Taking this circumstance into consideration, Your Honors, it appears of value for our investigation to refer to some statements by the fascist war criminals which refer to the period when they considered it possible to make public some of their political aims. In 1941-42 the fascist hordes broke through territories of the Soviet Union on an extensive scale and approached Moscow. Battles were waged on the banks of the Volga. The specter of a "Greater Germany" ruling the world appeared as a beacon before the eyed of the Hitlerite conspirators. It would appear that the opportunity had arrived about which Defendant Rosenberg spoke when, from the standpoint of the fascist criminals, it was possible that "certain political slogans could be made public."
I presented to the Tribunal, under Exhibit Number USSR-58 (Document Number USSR-58), a document from the archives of the Defendant Rosenberg's office relating to questions of German policy in the occupied regions of the Caucasus. Once again I ask you to refer to this document. I turn to Page 203 in the document book and Page 9 of the Russian text, which is the translation of this document.
Rosenberg, on 27 July 1942, solved the Eastern problem in this fashion, and I quote:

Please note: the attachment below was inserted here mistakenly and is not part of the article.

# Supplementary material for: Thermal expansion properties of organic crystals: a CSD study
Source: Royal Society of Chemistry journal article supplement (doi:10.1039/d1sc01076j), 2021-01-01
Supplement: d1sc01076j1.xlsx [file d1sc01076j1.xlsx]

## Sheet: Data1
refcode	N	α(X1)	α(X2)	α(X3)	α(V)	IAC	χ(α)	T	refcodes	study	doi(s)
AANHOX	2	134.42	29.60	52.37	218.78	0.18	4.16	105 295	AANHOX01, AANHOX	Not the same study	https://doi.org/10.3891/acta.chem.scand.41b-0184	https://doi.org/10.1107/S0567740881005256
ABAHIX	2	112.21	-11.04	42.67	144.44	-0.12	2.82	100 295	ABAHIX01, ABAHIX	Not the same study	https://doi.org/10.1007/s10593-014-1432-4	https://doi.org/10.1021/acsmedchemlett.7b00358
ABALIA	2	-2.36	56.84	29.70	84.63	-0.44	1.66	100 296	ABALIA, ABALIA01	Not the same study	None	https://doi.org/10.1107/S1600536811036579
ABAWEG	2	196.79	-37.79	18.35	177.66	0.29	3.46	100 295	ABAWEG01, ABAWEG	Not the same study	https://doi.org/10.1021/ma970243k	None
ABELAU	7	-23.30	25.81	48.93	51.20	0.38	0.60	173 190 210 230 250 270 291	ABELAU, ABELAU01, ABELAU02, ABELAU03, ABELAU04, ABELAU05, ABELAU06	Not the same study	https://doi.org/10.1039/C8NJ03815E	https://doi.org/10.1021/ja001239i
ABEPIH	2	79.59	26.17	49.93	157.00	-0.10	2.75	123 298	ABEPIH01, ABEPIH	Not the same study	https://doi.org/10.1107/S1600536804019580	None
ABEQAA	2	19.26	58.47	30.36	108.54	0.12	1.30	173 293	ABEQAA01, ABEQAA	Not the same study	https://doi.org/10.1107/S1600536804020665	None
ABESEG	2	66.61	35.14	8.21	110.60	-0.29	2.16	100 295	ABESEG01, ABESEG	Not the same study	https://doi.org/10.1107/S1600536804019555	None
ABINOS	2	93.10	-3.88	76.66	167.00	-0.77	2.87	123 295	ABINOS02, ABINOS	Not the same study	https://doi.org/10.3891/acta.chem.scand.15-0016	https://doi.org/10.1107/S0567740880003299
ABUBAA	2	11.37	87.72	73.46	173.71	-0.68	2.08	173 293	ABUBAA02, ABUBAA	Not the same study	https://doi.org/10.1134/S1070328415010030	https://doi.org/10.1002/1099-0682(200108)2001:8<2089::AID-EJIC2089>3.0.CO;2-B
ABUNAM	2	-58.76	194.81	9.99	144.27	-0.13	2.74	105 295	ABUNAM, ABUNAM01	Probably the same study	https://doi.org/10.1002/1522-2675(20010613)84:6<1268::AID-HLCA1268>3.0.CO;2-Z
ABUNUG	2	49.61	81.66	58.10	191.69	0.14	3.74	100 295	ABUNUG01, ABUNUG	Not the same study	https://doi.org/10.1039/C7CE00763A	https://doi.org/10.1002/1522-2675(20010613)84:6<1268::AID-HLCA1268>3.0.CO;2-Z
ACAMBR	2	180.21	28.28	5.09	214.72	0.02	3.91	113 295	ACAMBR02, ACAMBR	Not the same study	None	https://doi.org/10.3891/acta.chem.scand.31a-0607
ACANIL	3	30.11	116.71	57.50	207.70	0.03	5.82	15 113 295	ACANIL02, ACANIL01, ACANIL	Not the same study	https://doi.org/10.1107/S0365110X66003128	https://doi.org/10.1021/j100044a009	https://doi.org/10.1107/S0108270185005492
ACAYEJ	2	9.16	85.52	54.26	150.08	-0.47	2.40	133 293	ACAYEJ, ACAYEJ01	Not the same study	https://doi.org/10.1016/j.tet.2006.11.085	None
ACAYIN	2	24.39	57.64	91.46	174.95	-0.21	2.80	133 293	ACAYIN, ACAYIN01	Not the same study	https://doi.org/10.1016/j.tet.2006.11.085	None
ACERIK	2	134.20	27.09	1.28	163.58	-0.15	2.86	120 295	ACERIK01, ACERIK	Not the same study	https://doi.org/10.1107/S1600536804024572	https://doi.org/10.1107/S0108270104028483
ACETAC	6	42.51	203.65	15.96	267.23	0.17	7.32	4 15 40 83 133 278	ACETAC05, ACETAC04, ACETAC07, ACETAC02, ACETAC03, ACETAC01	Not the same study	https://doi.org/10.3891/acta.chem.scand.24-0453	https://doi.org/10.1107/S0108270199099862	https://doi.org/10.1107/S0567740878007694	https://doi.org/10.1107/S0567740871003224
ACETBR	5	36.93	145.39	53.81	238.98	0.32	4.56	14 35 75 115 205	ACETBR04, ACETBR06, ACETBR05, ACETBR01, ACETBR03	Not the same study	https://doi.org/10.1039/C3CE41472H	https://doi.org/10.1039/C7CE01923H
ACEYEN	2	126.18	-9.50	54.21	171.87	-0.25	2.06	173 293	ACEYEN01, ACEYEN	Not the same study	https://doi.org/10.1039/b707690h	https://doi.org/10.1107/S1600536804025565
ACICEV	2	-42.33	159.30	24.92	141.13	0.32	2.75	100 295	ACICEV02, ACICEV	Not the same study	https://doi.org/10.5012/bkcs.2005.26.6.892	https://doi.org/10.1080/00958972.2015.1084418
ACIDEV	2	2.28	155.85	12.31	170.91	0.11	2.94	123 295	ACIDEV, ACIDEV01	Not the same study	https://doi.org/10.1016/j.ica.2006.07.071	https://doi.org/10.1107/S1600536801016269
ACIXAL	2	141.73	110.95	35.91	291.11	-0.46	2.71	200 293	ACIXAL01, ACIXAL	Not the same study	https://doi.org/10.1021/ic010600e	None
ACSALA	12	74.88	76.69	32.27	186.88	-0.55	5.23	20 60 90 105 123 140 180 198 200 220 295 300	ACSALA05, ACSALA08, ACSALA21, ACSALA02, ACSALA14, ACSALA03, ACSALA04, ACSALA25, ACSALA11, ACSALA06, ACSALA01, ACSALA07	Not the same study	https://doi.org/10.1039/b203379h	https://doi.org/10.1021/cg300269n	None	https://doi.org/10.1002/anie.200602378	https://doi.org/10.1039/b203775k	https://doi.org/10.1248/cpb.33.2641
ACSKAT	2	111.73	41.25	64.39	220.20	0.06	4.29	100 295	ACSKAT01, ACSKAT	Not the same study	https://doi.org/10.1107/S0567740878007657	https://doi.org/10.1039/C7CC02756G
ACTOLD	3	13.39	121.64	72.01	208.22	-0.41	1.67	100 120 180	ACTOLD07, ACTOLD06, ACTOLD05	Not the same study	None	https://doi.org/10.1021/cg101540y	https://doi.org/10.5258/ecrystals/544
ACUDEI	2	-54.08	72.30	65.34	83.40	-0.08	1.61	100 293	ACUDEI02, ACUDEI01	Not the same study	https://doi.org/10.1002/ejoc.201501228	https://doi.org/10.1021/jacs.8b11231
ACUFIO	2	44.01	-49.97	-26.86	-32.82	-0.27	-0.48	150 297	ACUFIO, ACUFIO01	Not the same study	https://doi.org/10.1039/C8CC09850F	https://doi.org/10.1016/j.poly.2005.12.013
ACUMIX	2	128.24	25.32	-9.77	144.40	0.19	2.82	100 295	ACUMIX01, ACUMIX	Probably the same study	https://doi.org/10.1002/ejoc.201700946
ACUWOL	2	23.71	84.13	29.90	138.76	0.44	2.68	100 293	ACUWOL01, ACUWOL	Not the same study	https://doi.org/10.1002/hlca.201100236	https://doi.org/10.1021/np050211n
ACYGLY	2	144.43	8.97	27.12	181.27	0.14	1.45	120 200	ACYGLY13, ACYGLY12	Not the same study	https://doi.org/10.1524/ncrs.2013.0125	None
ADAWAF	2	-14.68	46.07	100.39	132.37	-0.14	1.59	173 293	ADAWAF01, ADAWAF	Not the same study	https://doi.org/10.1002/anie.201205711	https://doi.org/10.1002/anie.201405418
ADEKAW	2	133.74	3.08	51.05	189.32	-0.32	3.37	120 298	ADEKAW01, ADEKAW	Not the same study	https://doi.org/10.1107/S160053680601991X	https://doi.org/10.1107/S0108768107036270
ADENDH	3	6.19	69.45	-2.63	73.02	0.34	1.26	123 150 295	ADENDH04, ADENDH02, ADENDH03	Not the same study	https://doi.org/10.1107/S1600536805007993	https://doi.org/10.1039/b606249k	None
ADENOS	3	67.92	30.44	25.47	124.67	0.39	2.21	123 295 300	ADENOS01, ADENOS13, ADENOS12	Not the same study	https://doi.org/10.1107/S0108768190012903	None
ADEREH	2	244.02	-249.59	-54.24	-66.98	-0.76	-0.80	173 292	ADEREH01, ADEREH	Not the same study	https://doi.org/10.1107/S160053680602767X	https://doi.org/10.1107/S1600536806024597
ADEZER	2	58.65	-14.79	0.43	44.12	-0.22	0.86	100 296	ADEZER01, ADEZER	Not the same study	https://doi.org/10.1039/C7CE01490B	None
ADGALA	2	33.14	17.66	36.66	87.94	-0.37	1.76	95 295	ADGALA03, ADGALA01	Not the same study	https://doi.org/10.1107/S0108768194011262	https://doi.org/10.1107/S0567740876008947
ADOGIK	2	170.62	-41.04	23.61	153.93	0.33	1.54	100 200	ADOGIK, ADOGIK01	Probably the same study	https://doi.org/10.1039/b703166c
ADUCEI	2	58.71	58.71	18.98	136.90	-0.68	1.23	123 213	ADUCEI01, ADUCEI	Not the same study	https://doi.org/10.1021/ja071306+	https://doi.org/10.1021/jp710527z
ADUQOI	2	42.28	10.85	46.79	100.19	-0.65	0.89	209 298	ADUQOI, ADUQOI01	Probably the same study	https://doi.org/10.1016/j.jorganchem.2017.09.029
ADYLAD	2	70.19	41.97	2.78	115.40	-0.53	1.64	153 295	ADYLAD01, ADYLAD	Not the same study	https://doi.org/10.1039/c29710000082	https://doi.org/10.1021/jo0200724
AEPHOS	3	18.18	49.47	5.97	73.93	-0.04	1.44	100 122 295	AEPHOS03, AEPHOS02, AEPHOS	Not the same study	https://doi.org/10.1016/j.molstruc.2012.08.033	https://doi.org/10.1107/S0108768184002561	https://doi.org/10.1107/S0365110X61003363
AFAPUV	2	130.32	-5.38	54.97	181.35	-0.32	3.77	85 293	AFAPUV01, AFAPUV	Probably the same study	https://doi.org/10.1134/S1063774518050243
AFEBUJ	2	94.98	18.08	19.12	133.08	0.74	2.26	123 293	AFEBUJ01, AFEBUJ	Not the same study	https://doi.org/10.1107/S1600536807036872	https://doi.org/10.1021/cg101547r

"The Eastern problem consists in bringing the Baltic peoples under the influence of German culture and in preparing widely conceived military frontiers for Germany. The Ukrainian problem consists in securing food supplies for Germany and Europe and supplies of raw materials for the Continent.
"The problem of the Caucasus is primarily a political task, and its solution means the expansion of continental Europe, under German leadership, from the Caucasian isthmus to the Near East."
On 27 November 1941 the Defendant Ribbentrop made a report on the international situation. The text of this report was published in Number 329-A of the Hamburger Fremdenblatt. I present this report as Exhibit Number USSR-347 (Document Number USSR-347).
Ribbentrop said in this report:
"I should like to summarize the consequences of this defeat of Soviet Russia and of the occupation of the far greater part of European Russia in 1941, as follows:
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"First, from a military point of view, England's last ally on the Continent has thereby ceased to exist as a significant factor. Germany and Italy, with their allies, thus become unassailable in Europe. And powerful forces will be released. "Second, in the economic field the Axis powers, together with their friends, which means the whole of Europe, have achieved independence from countries overseas. Europe has once and for all been freed from the threat of blockade. The grain and raw materials of European Russia can fully cover the needs of Europe. Its war production will serve Germany's war economy and that of her allies, as a resort of which Europe's war potential will increase, and increase more powerfully. The organization of this gigantic area is already in full swing. "Thus, the last two decisive prerequisites for the victory of the Axis and its allies over England have been created."